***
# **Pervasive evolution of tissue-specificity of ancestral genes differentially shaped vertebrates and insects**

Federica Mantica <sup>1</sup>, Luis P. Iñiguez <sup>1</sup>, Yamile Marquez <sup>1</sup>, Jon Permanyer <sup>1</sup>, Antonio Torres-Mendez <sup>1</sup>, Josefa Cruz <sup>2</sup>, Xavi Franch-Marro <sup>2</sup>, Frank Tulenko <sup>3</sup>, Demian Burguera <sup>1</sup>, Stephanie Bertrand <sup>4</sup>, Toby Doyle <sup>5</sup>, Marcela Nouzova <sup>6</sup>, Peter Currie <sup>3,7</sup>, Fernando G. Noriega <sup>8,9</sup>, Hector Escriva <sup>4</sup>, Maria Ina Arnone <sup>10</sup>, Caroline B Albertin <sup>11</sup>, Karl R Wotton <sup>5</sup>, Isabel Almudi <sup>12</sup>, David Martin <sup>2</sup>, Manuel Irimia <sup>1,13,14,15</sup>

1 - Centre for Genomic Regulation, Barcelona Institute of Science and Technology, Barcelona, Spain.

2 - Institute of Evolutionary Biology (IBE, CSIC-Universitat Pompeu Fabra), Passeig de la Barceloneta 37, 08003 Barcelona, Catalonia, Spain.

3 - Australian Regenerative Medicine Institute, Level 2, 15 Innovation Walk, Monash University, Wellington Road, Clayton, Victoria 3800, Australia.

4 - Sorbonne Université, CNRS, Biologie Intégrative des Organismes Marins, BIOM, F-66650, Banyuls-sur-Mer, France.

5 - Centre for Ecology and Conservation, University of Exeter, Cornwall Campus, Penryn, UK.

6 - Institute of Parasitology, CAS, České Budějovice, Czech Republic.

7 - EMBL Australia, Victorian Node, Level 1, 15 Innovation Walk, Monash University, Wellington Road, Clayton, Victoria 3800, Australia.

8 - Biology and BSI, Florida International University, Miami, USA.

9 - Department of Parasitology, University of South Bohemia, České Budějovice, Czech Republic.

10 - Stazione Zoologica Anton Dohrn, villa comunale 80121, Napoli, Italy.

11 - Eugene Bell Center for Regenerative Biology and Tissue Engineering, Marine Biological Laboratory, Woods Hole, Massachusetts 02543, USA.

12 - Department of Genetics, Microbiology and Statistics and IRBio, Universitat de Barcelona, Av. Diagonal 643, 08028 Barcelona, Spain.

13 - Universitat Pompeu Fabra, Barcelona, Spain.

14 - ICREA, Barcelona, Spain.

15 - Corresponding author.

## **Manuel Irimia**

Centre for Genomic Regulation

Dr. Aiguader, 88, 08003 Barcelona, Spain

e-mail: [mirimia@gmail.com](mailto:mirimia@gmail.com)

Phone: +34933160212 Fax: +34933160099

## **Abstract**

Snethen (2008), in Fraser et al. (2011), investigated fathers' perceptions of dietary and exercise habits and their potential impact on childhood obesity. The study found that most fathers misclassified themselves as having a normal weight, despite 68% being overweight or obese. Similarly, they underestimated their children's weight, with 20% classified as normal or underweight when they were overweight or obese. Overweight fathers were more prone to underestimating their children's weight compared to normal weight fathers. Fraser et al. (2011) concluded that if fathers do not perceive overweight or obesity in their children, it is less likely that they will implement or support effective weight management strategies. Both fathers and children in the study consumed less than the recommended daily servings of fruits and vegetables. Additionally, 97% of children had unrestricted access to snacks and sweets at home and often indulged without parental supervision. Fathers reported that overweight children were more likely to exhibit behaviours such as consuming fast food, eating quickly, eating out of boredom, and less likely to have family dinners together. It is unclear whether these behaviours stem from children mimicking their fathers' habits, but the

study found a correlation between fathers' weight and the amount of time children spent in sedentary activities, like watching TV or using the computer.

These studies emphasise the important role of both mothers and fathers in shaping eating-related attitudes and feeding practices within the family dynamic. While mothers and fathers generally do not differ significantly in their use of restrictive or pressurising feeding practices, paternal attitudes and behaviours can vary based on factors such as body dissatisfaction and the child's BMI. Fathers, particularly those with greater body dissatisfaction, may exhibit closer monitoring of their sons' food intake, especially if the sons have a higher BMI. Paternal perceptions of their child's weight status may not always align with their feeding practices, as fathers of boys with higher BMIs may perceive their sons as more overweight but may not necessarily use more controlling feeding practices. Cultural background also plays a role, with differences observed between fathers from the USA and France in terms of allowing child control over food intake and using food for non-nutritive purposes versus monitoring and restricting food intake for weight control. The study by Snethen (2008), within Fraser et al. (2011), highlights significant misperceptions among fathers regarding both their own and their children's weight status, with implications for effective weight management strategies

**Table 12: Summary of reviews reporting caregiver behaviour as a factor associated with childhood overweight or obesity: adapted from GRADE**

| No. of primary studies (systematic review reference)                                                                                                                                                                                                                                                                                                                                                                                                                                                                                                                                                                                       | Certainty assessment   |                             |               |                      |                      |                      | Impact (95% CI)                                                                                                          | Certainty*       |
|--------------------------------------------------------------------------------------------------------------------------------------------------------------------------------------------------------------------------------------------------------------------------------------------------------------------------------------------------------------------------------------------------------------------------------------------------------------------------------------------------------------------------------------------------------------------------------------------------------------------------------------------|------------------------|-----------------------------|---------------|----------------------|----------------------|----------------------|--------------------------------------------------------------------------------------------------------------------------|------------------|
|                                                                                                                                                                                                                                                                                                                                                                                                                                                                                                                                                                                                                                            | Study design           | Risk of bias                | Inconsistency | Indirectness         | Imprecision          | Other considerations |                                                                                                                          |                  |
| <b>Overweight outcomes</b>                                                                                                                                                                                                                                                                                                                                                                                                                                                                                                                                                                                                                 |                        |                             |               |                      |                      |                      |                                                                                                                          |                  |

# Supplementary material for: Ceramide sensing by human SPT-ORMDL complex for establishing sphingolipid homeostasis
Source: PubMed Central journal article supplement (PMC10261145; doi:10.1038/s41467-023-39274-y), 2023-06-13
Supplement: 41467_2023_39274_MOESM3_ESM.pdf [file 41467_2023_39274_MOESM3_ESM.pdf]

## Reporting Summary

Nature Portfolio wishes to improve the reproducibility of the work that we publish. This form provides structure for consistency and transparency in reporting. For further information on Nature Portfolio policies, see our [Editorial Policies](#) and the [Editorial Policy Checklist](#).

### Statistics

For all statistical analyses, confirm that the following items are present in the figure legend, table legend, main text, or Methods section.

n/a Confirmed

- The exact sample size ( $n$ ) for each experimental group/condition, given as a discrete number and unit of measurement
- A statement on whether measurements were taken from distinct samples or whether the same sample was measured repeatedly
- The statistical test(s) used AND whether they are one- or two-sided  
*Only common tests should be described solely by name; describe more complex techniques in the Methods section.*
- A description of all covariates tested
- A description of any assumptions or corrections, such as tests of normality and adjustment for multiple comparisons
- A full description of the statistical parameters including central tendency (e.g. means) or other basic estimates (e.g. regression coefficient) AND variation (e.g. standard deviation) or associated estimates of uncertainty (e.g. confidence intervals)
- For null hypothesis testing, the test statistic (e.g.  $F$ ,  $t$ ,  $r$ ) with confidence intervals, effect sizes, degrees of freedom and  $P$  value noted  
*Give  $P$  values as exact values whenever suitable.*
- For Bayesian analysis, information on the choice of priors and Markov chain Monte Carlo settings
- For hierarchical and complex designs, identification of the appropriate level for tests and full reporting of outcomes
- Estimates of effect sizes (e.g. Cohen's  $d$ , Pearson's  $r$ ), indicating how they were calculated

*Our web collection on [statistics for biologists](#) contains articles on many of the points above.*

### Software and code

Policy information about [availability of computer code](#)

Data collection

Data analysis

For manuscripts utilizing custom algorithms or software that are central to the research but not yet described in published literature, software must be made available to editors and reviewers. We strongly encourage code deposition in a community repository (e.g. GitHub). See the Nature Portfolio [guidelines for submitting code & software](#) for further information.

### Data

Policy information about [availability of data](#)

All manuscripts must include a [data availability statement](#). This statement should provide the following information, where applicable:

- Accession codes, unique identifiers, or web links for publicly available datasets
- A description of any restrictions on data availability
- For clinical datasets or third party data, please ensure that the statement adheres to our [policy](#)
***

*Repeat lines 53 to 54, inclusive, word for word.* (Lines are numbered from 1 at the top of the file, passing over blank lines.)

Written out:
### Software and code

Policy information about [availability of computer code](#)